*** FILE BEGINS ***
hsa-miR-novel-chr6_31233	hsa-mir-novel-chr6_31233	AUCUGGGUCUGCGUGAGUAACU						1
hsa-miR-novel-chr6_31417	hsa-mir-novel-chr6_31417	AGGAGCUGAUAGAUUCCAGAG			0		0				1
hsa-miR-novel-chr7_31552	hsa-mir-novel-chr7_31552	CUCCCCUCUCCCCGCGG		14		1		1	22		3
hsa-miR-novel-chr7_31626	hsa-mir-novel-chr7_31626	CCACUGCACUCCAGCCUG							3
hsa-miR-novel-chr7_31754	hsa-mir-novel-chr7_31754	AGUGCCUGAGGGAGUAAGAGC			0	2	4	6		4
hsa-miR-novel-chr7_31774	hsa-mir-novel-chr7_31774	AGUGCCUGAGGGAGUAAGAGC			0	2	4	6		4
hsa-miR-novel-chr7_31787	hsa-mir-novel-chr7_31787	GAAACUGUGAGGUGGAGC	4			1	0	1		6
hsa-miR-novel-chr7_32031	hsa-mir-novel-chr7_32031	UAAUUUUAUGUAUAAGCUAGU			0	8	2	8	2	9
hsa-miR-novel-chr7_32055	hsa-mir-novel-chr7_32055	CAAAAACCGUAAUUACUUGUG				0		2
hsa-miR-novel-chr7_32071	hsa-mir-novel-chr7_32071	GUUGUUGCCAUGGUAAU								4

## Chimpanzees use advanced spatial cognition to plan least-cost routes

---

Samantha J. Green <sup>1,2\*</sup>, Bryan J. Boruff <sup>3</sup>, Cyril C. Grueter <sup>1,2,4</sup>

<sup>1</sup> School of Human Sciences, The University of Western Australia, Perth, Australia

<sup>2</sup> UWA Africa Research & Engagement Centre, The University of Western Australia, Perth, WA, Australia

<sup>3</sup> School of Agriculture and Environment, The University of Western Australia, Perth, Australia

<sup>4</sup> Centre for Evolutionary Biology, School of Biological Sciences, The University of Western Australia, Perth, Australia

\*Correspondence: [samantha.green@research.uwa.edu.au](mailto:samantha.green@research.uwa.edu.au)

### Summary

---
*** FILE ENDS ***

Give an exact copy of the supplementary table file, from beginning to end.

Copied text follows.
hsa-miR-novel-chr6_31233	hsa-mir-novel-chr6_31233	AUCUGGGUCUGCGUGAGUAACU						1
hsa-miR-novel-chr6_31417	hsa-mir-novel-chr6_31417	AGGAGCUGAUAGAUUCCAGAG			0		0				1
hsa-miR-novel-chr7_31552	hsa-mir-novel-chr7_31552	CUCCCCUCUCCCCGCGG		14		1		1	22		3
hsa-miR-novel-chr7_31626	hsa-mir-novel-chr7_31626	CCACUGCACUCCAGCCUG							3
hsa-miR-novel-chr7_31754	hsa-mir-novel-chr7_31754	AGUGCCUGAGGGAGUAAGAGC			0	2	4	6		4
hsa-miR-novel-chr7_31774	hsa-mir-novel-chr7_31774	AGUGCCUGAGGGAGUAAGAGC			0	2	4	6		4
hsa-miR-novel-chr7_31787	hsa-mir-novel-chr7_31787	GAAACUGUGAGGUGGAGC	4			1	0	1		6
hsa-miR-novel-chr7_32031	hsa-mir-novel-chr7_32031	UAAUUUUAUGUAUAAGCUAGU			0	8	2	8	2	9
hsa-miR-novel-chr7_32055	hsa-mir-novel-chr7_32055	CAAAAACCGUAAUUACUUGUG				0		2
hsa-miR-novel-chr7_32071	hsa-mir-novel-chr7_32071	GUUGUUGCCAUGGUAAU								4

## Chimpanzees use advanced spatial cognition to plan least-cost routes

---

Samantha J. Green <sup>1,2\*</sup>, Bryan J. Boruff <sup>3</sup>, Cyril C. Grueter <sup>1,2,4</sup>

<sup>1</sup> School of Human Sciences, The University of Western Australia, Perth, Australia

<sup>2</sup> UWA Africa Research & Engagement Centre, The University of Western Australia, Perth, WA, Australia

<sup>3</sup> School of Agriculture and Environment, The University of Western Australia, Perth, Australia

<sup>4</sup> Centre for Evolutionary Biology, School of Biological Sciences, The University of Western Australia, Perth, Australia

\*Correspondence: [samantha.green@research.uwa.edu.au](mailto:samantha.green@research.uwa.edu.au)

### Summary

---